Oskam et al have a new health insurance paper in the European Journal of Health Economics that looks at the risk of risk even after pretty good risk adjustment in the context of the Dutch health insurance market. The Dutch market has some similarities to the US ACA market. I read this paper last week and it has been deeply marinating in my head each time I’ve reread it.
We think that risk adjustment, compensatory payments to insurers that cover people with predictable high costs is needed to discourage or eliminate selection and screening incentives when we have a system of community rated and guaranteed issue insurance. Risk adjustment is a group level compensator. It pays an insurer the average incremental cost generated by a specific marker of predictable cost. However there is variance within group. Some people have cheaper than average experiences with a specific marker of predictable costs and other people have really expensive relative to the average experiences.
The easiest American example is hemophilia where the “cheap” years are $150,000 to $250,000 while the rare OMG year is equal to the pay of a competent veteran Major Leaguer. Yet risk adjustment will give the same transfer for hemophilia for both individuals. Insurers have strong incentives to try to figure out who could cost the equivalent of someone who can hit a curve reliably so that they can be avoided while the insurer would love to cover a bunch of hemophiliacs who are very unlikely to have million dollar bleeds because they risk adjust very well.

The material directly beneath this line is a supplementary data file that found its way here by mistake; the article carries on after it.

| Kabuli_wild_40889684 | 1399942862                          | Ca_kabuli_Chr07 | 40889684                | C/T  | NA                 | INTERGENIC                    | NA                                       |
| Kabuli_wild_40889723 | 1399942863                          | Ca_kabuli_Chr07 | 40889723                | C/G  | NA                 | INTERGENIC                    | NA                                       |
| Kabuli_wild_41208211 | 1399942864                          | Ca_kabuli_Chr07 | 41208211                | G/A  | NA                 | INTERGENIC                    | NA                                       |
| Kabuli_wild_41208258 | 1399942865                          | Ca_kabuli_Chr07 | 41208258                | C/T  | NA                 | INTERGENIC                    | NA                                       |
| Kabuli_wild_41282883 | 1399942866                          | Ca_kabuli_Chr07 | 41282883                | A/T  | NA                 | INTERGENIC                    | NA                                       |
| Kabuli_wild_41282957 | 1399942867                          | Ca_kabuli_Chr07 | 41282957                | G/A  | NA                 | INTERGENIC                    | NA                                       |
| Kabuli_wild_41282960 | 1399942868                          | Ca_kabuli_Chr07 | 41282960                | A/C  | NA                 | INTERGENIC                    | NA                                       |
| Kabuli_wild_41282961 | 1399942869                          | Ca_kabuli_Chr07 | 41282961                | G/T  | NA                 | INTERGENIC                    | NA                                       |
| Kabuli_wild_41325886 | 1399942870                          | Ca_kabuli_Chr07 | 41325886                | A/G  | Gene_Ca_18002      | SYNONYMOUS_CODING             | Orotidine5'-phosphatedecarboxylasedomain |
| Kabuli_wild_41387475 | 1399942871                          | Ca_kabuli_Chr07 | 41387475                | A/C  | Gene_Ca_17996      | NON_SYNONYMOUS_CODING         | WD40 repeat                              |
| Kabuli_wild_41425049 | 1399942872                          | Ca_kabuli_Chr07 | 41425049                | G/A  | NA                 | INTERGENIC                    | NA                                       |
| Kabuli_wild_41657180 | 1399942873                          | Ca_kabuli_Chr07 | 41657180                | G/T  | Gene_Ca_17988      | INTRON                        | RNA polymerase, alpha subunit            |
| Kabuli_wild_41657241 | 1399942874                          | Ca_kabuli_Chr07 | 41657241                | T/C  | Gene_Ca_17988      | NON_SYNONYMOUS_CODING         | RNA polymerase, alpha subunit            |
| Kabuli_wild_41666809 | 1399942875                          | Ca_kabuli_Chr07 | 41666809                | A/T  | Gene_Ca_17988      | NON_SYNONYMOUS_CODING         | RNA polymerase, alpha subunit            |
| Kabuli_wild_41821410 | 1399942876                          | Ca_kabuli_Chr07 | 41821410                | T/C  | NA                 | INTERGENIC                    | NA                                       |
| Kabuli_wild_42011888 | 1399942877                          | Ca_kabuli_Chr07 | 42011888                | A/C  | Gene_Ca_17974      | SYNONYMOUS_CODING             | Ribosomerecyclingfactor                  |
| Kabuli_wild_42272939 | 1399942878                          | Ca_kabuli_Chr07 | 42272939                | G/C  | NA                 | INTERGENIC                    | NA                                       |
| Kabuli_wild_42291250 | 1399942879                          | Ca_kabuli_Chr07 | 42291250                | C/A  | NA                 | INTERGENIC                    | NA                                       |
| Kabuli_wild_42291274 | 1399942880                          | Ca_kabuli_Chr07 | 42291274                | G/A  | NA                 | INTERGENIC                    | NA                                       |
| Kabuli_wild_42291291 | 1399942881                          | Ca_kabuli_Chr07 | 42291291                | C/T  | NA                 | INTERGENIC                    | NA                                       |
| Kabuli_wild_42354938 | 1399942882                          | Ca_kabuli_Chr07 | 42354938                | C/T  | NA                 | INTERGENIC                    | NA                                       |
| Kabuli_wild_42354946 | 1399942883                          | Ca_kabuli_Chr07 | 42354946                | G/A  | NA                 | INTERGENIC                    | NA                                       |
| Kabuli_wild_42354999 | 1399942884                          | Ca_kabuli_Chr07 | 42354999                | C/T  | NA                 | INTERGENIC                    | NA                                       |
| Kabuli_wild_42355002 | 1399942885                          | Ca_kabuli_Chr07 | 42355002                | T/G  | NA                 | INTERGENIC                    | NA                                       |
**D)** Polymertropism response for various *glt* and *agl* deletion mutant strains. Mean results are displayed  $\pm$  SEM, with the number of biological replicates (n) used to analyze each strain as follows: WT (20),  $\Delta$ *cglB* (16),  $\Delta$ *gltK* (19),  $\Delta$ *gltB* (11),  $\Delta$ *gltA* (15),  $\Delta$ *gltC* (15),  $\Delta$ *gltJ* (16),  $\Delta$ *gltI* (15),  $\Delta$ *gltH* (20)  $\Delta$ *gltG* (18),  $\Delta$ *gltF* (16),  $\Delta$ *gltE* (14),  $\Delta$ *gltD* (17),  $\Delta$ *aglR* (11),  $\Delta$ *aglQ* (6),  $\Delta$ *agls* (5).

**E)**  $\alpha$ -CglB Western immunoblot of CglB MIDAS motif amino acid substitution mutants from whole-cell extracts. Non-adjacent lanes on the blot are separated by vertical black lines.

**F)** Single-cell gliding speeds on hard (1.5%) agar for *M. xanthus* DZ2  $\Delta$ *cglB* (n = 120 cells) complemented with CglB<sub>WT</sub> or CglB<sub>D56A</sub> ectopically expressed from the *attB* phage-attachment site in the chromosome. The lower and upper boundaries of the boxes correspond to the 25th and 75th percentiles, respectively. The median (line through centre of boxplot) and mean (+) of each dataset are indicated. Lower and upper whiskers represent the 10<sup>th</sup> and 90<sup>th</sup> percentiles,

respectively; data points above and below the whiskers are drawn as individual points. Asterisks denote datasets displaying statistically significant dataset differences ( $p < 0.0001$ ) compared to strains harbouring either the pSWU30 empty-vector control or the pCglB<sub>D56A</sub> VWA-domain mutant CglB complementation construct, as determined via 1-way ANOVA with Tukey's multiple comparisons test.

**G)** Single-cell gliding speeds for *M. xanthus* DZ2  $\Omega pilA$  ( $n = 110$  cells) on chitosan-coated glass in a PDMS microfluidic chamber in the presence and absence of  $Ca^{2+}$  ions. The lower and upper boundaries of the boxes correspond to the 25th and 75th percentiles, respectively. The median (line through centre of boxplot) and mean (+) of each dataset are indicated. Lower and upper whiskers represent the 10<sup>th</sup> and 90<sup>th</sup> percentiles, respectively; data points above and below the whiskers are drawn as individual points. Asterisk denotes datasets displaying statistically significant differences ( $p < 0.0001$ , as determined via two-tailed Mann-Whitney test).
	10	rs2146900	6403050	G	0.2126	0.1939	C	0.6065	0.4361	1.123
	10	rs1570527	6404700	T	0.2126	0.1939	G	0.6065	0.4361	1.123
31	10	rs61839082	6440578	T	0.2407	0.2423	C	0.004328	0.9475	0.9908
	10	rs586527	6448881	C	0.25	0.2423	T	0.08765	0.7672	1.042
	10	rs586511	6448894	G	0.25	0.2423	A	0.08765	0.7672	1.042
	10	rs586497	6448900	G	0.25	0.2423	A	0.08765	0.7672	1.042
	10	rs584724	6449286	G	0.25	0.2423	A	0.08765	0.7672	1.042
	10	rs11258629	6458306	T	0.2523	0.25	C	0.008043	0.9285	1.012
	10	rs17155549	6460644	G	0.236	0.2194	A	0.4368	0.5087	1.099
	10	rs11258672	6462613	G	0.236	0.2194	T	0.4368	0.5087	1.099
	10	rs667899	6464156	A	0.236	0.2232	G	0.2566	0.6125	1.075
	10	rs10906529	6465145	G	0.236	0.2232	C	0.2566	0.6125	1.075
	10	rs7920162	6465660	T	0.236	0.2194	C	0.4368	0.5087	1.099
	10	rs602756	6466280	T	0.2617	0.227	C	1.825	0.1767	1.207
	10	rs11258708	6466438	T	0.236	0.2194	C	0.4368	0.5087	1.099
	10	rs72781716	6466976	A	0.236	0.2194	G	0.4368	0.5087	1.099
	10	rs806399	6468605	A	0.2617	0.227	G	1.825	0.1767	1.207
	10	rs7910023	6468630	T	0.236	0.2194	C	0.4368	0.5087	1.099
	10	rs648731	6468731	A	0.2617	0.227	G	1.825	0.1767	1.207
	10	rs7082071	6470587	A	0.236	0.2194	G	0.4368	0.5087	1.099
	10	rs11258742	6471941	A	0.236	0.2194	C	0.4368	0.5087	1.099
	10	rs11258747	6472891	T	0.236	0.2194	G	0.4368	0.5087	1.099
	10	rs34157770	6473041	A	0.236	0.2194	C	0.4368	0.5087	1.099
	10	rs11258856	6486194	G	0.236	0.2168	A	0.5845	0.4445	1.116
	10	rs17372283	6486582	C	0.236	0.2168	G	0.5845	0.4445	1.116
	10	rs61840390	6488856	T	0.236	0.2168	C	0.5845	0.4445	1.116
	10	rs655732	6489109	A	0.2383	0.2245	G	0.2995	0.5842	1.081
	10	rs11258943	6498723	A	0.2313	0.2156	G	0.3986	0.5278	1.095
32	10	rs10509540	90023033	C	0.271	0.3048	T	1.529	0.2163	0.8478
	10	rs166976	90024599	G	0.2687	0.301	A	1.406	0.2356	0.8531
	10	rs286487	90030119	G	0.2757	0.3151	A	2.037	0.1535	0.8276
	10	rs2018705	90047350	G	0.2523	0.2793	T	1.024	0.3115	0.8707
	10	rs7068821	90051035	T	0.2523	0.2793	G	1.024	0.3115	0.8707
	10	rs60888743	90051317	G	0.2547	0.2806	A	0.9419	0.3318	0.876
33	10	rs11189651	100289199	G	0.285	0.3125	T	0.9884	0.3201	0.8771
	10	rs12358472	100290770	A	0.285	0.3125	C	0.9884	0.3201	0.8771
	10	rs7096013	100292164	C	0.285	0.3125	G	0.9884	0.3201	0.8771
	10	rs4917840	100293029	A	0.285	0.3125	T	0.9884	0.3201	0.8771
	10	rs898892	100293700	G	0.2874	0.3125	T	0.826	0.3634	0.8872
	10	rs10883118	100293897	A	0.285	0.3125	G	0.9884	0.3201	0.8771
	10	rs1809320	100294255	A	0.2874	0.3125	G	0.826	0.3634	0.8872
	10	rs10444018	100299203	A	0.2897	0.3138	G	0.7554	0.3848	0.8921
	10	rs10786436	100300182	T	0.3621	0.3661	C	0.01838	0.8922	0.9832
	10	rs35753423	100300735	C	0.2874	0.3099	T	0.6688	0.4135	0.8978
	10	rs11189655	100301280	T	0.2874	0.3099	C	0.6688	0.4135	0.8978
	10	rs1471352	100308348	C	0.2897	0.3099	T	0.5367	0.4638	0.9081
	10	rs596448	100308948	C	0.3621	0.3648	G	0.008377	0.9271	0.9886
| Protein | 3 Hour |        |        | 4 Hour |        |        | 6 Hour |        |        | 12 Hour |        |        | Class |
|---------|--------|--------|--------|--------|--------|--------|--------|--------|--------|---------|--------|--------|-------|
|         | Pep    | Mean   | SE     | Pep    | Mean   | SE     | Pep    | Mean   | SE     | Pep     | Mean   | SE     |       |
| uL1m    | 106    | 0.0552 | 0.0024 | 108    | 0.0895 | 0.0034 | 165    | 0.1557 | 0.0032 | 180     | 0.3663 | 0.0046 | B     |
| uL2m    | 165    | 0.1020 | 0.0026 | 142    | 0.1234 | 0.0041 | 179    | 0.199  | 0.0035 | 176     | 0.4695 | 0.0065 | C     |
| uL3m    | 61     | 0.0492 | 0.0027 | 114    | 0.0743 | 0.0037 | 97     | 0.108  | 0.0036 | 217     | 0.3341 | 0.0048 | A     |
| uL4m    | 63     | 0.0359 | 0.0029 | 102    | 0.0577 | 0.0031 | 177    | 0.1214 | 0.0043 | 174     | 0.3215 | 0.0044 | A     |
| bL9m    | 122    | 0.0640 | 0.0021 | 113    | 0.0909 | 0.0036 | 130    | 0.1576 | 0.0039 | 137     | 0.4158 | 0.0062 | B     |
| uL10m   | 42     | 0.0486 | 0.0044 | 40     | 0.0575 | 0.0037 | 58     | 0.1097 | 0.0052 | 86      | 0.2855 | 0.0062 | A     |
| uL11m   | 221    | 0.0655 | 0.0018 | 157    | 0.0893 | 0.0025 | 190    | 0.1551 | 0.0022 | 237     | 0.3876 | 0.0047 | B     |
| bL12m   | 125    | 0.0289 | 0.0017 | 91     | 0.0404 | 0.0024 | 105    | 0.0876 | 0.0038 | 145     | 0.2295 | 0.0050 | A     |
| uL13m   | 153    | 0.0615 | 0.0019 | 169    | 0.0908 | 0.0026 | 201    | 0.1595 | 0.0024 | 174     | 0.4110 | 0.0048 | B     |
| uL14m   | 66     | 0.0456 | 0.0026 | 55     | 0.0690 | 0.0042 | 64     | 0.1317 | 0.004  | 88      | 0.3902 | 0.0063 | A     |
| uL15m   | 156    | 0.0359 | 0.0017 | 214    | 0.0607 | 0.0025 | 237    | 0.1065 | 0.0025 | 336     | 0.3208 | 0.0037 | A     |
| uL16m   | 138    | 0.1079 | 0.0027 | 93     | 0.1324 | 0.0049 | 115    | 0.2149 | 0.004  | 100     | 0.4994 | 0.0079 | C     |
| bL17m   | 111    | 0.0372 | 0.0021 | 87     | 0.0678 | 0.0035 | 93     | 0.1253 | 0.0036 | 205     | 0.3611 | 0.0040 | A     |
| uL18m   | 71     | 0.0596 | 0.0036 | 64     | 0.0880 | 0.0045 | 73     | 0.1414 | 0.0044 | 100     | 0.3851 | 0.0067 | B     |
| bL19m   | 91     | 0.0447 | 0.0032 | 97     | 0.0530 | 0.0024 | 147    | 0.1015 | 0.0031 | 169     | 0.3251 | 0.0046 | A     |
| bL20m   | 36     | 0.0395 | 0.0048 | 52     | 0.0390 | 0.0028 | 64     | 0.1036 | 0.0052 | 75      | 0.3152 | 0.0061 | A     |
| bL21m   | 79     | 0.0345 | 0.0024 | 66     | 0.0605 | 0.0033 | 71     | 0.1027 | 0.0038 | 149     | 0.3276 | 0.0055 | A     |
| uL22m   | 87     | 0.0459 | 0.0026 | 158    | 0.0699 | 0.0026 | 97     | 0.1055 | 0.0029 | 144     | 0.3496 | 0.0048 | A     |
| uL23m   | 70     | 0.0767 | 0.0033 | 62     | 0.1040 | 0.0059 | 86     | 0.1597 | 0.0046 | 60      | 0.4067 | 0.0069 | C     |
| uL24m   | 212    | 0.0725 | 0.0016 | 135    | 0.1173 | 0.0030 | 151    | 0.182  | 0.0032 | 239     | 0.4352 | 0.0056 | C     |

The reason is that the uncertainty about residual spending (i.e., spending net of risk equalization) differs across groups, e.g., the risk of substantial losses is larger for the chronically ill than for the healthy. In a risk-rated market, insurers are likely to charge a higher profit mark-up (to cover uncertainty in residual spending) and a higher safety mark-up (to cover the risk of large losses) to chronically ill than to healthy individuals. When such differentiation is not allowed, insurers face incentives to select in favor of the healthy….
In a third step, to quantify the heteroscedasticity of residual spending, we estimate the standard deviation (as a proxy for the uncertainty in residual spending) and the 99.5th percentile of residual spending (as a proxy for the risk of ruin) for each risk group. Variation in these measures across risk groups provides an indication of the heteroscedasticity in residual spending across risk types….
Although the mean residual spending equals €0 for both risk groups, the distributions are quite distinct. In addition to the visual contrast between the two distributions, some metrics are presented to summarize the divergence. The red [morbidity indicated — DA added ] distribution has a standard deviation of €11,378, far larger than that of the total population (€6978), while the blue distribution has a smaller standard deviation of €4646. The results for the group without morbidity are more concentrated around €0 than those for the group with morbidity, implying that insurers face more uncertainty regarding the ex-post financial result for individuals with a morbidity flag…
Insurers are in the business of aggregating individual level variance into far more stable . The more variance in a distribution, the more expensive it is to control even if the aggregate mean is the same as a lower variance distribution.
The authors also find that as the number of morbidity flags increase, the variance increases as well. People who are very sick are both very expensive (which is fine as that is what risk adjustment and reinsurance are there for) and very variant — which produces selection incentives. For conditions where there is a fairly large population like diabetes, an insurer that is big enough can eat enough risk to tamp down the individual level variance within a population but for conditions that are both expensive and rare, variance would still dominate a national single payer. Insurers have strong incentives to either segment the market in some way to force the high cost high variance people to choose higher premium plans OR to avoid the segment entirely even if risk adjustment is perfect at the group level.